However, the Court of Session found that there was much in the judgment of Arden LJ that they would agree with and quote paragraph 68 of the judgment of Arden LJ with approval. The Court of Session, perhaps importantly, appears to have approved of the view that Arden LJ took that the rights in FOIA were constitutional in nature (para 28). The court also held that when assessing whether a request is vexatious or not, it must be viewed objectively. In the decision under challenge, the SIC had concluded that when viewed objectively the information sought was of no value to the Appellant. The First Division held that had the SIC followed Dransfield (which she was not obliged to do so) then she would have correctly reached the same conclusion: that Mr Beggs’ request was vexatious (para 30).

In terms of the irrationality ground of appeal, this was dealt with more swiftly by the Court. Counsel for the Appellant had characterised the three matters which the Appellant argued had been overlooked by the Court, were material.

The first matter was the Appellant’s express disavowal of any direct and personal attack. The Appellant had expressly disavowed in his request that there was any such attack. However, the Solicitor Advocate for the SIC argued that the contents of a letter sent to one of the SIC’s officers revealed the Appellant’s purpose; the Appellant’s purpose was “not to obtain information as such” (para 33) rather it was with a view to pursuing complaints about their conduct.” (also at para 33).

The court held that “the presence of a malicious motive may point to a request being vexatious the absence of a malicious motive does not point to a request not being vexatious” (para 33). In essence, while the Court appears to have been sceptical of the Appellant’s express disavowal of personal attack it seems that even if it had not been sceptical, the disavowal may not have assisted the Appellant anyway. The Court again expressed the objective nature of assessing whether a request is vexatious and agreed with the SIC that a request may be harassing even if that is not what is intended by the requester.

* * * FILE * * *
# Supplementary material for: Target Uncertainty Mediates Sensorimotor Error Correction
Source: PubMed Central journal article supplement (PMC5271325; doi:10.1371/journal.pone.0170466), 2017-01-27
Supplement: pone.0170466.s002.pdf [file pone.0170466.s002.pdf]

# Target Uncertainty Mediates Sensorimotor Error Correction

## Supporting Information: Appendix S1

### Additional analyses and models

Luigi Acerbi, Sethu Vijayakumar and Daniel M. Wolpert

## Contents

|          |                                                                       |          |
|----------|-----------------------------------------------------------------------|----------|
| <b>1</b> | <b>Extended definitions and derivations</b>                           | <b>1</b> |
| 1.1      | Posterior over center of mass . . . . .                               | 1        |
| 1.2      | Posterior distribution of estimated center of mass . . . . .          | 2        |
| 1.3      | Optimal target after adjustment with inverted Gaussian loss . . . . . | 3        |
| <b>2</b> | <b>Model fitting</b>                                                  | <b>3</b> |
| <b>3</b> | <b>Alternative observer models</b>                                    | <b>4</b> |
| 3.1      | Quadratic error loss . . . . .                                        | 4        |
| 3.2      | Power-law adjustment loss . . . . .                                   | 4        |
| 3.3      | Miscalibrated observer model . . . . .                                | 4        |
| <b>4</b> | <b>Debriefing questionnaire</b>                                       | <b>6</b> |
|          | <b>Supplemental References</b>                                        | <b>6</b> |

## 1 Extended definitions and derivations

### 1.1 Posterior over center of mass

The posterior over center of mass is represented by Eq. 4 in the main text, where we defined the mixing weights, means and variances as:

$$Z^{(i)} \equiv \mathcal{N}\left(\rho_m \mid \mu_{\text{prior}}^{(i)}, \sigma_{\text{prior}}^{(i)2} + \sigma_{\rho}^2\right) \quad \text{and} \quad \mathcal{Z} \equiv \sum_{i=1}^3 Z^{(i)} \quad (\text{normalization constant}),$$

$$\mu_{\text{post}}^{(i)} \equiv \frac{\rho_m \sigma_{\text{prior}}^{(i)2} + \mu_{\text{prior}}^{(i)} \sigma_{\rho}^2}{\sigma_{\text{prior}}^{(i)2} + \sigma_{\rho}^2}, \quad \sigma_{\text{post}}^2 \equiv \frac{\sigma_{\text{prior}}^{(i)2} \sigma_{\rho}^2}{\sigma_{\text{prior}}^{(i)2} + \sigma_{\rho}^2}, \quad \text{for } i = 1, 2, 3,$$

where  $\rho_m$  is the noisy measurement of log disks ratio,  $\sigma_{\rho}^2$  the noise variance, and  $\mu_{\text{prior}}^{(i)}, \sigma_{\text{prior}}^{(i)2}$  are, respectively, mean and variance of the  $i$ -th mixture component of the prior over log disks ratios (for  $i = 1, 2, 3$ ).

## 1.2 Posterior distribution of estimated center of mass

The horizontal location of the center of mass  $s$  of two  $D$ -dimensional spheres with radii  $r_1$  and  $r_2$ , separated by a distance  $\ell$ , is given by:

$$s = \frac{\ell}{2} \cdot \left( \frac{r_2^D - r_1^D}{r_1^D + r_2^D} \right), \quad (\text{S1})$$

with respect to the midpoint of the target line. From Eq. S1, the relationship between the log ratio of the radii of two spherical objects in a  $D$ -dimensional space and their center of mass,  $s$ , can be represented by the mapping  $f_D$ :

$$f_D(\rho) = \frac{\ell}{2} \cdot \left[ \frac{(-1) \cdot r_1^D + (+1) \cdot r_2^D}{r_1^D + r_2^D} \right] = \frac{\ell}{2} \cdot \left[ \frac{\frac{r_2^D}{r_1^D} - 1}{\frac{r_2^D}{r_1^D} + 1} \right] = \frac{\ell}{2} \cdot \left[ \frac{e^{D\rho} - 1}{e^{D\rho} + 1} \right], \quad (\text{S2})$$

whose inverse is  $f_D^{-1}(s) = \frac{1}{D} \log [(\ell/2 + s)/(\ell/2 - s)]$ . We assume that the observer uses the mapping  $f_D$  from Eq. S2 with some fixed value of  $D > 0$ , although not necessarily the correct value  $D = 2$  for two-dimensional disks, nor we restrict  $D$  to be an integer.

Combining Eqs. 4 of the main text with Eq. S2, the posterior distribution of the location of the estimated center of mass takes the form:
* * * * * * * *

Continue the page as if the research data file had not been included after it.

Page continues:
The second consideration referred to the past conduct of the authority; these requests appear to have been the result of the Scottish Prison Service putting forward inaccurate information in earlier proceedings before the Court of Session. The Court approved of the view of Arden LJ in respect of vengeful motives – such a motive might itself be an indicator that a request is vexatious. The court’s position here is fairly broad, but it does not appear to close off legitimate use of FOISA to uncover evidence of wrongdoing within a Scottish public authority. However, it is fairly clear that if a requester is using